Written by Chris Brookmyre — In an interview with the Independent Chris Brookmyre said, “The most dangerous lies are the ones we tell ourselves.” Lies and secrets, in particular family secrets, form the core of his latest novel, Fallen Angel, which tells the story of the Temple family.
The Temples reunite at their holiday home in Algarve, Portugal, for the memorial of Max, the family’s recently deceased head. However, there’s more to the gathering than just a commemoration. Soon we learn that 16 years earlier, Niamh, the 18-month-old granddaughter of Celia and Max, disappeared under mysterious circumstances. The memorial could be an opportunity for closure, remorse or possibly even confession.
Through the introduction of the various family members and the revelation of their individual secrets, we are drawn into solving Niamh’s disappearance. But that’s not the only mystery to solve…
Fallen Angel starts off with the narration of a murder scene in an office. We don’t know who the victim is, except that he’s male and that there’s a small needle mark in his neck. This murder isn’t mentioned much during the rest of the novel, and you’ll temporarily forget about it as the toddler’s disappearance becomes the main focus.
Each member of the Temple family could be a suspect, both in Niamh’s disappearance and the new murder. Whether it’s Celia, the narcissistic, controlling matriarch of the family; Ivy, her ruthless and calculating daughter; or her son Rory, who has a weakness for beautiful women and drugs, and has connections to Eastern European gangsters.
In spite of his absence, the larger-than-life Max Temple, an esteemed, brilliant and formidable academic, is also not exempt from guilt and plays an indispensable part of the narrative. Initially presented as warm and family-orientated, he too had the potential to turn nasty. Could he have been a murderer?
As if the dysfunctional Temples don’t provide enough drama the neighbours Vince and Kirsten are added to the volatile mix. Their nanny, Amanda, seems to be the only person who attempts to solve the toddler’s disappearance. She starts to investigate the incident and questions why the Temple family are trying to bury their past.
Switching between 2002 and 2018, Brookmyre reveals bits of information to coax you into thinking you know who the guilty person in Niamh’s disappearance is. Shifting between narrators throughout the story-line, he each time adds a different perspective for us to take into consideration. Brookmyre will convince you that you know what’s going on, when, in fact, you have absolutely no idea.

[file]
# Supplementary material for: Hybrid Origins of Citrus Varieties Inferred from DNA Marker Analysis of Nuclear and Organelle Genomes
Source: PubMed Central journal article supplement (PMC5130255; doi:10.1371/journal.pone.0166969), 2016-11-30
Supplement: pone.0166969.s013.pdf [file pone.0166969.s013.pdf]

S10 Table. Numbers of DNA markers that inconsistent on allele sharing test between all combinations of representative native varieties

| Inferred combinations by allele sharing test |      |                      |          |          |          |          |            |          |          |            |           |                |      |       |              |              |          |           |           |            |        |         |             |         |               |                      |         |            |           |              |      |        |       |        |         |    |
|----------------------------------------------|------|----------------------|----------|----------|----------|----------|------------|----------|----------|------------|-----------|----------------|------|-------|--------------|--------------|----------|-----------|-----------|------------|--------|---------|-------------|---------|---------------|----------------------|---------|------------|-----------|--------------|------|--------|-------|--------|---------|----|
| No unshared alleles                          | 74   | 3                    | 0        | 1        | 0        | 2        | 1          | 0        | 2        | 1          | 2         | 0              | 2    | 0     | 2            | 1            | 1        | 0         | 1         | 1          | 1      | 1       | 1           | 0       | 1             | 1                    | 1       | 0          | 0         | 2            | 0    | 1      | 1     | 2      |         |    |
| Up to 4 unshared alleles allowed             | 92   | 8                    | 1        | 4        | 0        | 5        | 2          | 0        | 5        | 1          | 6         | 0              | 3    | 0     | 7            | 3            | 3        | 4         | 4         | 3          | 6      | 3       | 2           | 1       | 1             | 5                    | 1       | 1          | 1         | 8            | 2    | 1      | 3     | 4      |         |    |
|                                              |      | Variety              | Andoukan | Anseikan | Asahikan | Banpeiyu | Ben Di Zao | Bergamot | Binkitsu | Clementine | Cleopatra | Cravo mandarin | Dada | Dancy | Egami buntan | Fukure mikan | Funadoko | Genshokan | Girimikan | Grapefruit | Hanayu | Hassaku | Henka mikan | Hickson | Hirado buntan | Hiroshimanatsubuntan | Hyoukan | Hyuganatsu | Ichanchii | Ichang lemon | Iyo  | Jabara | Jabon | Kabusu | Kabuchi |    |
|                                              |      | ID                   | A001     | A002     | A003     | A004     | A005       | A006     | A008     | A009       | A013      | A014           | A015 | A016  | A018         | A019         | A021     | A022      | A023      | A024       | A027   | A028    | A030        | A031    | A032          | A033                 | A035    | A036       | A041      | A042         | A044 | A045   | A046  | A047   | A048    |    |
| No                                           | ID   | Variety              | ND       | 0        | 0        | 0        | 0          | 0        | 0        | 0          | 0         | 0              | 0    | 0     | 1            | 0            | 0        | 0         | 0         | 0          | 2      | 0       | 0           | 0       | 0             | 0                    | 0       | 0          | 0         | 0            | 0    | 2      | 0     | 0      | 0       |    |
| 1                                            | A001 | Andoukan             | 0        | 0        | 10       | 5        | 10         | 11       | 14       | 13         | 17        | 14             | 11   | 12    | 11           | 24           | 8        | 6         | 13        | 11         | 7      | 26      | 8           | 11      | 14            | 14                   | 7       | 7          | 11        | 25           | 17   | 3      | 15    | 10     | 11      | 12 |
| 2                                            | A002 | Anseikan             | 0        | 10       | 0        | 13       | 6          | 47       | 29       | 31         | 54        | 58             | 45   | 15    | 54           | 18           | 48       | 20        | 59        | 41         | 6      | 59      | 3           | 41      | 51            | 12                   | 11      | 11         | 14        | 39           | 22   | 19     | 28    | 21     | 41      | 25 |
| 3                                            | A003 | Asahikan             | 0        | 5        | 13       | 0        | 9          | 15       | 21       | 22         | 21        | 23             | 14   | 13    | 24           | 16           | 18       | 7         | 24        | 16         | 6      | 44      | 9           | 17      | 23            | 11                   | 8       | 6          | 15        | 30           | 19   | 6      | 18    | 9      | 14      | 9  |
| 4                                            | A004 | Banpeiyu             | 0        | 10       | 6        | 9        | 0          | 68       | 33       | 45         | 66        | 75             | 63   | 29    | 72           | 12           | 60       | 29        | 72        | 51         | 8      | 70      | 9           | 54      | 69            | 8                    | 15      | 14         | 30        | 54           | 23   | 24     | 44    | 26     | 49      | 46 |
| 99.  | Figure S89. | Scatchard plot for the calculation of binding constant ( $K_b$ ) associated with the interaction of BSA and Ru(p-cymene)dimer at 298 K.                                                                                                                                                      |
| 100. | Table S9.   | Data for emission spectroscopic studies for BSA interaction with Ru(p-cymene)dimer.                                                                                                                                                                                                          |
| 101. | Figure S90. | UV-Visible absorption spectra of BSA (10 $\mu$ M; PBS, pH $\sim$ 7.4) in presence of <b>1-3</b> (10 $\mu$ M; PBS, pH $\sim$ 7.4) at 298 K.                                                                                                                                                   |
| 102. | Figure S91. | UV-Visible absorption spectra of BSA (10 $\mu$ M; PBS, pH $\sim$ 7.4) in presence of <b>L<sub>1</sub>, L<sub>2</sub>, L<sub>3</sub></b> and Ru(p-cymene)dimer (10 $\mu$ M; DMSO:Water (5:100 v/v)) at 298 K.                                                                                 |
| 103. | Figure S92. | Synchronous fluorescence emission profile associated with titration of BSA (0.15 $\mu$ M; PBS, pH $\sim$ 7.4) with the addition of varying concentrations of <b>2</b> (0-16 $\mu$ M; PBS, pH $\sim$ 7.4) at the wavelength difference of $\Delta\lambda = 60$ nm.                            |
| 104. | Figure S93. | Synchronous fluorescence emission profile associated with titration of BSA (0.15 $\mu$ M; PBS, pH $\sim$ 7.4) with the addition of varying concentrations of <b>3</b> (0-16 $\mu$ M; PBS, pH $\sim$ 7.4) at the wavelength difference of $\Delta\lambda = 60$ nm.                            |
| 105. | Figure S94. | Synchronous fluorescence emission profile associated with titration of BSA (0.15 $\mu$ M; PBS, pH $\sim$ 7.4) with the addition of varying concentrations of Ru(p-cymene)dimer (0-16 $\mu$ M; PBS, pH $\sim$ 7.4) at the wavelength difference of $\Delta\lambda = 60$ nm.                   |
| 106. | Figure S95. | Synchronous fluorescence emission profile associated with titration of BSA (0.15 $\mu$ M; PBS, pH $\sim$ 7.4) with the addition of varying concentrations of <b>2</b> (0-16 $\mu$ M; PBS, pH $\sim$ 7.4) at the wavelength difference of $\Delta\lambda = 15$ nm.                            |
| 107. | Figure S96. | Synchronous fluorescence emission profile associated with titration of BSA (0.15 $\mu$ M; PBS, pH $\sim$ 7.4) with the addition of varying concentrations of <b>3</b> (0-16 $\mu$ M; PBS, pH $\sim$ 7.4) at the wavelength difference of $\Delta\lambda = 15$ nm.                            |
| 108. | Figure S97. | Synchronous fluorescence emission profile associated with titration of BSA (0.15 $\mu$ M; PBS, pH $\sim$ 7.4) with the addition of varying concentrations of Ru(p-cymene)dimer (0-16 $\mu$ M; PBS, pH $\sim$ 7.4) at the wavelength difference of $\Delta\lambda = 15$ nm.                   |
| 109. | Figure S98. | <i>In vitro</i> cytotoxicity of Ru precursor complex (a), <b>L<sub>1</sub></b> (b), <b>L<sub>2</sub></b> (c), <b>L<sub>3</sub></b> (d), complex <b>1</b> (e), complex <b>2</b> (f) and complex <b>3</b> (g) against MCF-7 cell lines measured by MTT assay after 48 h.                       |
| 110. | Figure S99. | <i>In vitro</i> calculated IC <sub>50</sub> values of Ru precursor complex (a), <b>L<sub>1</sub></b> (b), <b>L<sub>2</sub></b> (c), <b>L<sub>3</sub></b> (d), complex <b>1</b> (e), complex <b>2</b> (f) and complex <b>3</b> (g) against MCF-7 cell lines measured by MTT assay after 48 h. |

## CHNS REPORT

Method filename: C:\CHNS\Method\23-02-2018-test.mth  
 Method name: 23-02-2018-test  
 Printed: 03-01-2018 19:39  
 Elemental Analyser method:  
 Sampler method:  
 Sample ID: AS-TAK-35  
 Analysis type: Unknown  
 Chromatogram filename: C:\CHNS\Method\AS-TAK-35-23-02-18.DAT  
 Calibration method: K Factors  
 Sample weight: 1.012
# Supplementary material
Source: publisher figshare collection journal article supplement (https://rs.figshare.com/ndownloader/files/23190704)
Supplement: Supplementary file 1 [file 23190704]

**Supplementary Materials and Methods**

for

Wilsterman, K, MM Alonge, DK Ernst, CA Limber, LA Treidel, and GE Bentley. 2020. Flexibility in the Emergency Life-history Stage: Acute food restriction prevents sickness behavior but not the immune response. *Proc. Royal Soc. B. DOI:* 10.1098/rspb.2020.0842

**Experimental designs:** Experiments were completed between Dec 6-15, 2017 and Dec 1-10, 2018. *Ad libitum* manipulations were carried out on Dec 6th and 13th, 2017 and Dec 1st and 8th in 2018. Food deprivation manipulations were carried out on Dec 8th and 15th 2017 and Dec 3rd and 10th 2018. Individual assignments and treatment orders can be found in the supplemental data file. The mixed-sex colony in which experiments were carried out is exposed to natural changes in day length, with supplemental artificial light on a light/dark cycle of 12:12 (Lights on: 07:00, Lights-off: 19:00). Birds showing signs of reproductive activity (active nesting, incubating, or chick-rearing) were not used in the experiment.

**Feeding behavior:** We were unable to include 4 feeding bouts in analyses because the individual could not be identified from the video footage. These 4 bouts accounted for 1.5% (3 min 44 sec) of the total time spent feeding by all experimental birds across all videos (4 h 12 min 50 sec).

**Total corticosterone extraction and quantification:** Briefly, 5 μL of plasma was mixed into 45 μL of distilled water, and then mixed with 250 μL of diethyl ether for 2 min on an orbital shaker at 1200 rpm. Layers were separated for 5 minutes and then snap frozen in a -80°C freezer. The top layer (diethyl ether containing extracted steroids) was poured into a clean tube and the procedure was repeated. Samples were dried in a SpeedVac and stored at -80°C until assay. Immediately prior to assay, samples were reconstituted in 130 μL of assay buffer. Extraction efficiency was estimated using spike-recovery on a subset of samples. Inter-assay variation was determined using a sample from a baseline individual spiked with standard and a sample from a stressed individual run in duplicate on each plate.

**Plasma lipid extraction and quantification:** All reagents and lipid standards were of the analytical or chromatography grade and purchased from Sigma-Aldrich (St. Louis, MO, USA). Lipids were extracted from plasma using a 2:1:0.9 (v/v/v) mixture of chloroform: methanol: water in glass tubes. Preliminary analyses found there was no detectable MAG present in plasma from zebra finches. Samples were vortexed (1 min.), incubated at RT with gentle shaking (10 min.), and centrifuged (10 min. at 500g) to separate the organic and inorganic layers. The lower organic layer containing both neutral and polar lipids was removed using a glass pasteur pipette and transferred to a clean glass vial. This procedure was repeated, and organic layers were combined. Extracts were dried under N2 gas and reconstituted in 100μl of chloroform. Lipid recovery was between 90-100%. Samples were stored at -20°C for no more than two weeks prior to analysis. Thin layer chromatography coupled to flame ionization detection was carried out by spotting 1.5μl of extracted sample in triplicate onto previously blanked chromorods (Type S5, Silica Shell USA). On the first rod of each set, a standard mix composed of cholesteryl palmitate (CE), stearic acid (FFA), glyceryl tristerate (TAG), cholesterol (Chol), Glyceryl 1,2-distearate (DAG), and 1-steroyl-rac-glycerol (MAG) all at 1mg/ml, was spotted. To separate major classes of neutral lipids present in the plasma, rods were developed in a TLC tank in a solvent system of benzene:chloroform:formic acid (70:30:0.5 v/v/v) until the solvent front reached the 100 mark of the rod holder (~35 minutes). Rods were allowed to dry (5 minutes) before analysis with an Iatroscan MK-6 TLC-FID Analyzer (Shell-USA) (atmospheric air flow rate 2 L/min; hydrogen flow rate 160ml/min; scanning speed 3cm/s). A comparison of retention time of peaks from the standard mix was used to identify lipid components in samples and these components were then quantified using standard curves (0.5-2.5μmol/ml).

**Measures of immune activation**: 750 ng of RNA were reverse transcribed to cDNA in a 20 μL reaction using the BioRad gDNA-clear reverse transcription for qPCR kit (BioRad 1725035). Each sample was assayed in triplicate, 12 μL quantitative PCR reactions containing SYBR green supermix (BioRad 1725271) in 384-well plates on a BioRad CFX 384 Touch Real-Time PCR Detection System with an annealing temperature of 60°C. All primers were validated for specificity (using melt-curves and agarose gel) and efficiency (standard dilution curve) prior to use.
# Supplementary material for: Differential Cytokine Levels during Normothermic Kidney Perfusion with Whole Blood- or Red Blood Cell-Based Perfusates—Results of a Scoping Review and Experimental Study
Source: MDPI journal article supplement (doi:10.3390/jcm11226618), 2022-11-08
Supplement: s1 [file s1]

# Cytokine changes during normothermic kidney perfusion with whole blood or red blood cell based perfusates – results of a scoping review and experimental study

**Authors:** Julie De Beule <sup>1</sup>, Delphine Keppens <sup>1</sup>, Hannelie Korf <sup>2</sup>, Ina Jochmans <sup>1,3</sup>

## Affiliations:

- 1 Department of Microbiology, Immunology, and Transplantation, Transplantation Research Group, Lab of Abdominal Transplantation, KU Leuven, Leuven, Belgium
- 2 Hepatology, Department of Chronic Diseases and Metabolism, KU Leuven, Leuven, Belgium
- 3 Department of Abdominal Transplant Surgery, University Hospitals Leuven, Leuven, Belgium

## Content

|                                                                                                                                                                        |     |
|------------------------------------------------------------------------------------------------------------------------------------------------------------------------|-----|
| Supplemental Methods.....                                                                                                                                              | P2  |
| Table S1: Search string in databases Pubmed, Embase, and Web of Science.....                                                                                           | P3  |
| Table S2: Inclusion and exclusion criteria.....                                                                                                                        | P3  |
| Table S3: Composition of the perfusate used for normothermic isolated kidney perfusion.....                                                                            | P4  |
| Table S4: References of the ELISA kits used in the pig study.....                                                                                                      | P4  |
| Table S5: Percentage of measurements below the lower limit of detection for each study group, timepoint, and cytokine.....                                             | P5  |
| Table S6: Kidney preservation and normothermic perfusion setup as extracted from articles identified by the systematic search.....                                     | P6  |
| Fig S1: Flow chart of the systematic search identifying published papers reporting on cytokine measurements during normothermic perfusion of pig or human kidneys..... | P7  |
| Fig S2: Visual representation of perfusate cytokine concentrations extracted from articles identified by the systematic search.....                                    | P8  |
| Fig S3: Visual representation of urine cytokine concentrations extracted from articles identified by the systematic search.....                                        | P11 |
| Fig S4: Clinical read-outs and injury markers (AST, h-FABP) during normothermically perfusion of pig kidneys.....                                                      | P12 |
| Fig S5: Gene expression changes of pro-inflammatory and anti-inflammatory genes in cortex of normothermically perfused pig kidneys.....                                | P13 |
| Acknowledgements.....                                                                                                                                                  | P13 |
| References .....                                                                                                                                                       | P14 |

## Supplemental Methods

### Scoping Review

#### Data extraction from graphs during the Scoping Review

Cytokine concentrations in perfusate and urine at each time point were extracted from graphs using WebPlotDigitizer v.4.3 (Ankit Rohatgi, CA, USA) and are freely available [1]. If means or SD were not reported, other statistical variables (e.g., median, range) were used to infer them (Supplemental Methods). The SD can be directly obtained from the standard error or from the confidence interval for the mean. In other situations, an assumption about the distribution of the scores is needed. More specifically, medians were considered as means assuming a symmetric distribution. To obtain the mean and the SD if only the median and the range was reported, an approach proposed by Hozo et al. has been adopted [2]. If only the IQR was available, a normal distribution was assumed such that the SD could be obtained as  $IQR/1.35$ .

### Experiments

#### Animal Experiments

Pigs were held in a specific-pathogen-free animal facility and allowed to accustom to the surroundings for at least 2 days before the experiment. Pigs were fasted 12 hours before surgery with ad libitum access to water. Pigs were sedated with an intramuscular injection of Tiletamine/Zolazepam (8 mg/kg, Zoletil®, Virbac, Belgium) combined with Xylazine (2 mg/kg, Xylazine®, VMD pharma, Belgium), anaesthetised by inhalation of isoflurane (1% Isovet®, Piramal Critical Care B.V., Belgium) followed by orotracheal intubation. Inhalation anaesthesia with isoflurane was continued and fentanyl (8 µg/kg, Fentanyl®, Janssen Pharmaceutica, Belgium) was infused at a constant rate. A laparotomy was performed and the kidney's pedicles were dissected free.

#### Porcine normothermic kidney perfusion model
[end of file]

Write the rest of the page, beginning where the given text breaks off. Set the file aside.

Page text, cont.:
At times the plot, setting and gathering of suspects are reminiscent of an Agatha Christie novel. Brookmyre is just as skilled at maintaining suspense by feeding you just the necessary amount of information. This entertaining cat-and-mouse-game keeps us engaged and in the end, it’s well-worth being the mouse.
It’s easy to classify Fallen Angel as purely a crime novel, but apart from entertainment crime novels have the ability to address other issues, whether it’s socially, economically or politically relevant. Brookmyre’s earlier work was considered satirical and frequently commented on political issues, particularly in the UK.
Even though Fallen Angel doesn’t have his earlier trademark satire, it still references actual events, whether it’s the disappearance of Madeleine McCann or Obama’s birth certificate. The treatment of women, the #MeToo movement, human trafficking and the ethics of media and the tabloids are all overarching themes discussed.
It’s the combination of this actuality with a tight, gripping storyline and a host of flawed characters which makes Fallen Angel a clever and entertaining read by one of Britain’s leading crime authors.
Even though Fallen Angel is a stand-alone novel and not part of his Jack Parlabane series, Jack does make a minor appearance. However, this one isn’t about Jack at all, it’s about a host of independent characters who more than make up for his low-key presence.
Also read our interview with Chris Brookmyre.
CFL Rating: 4 Stars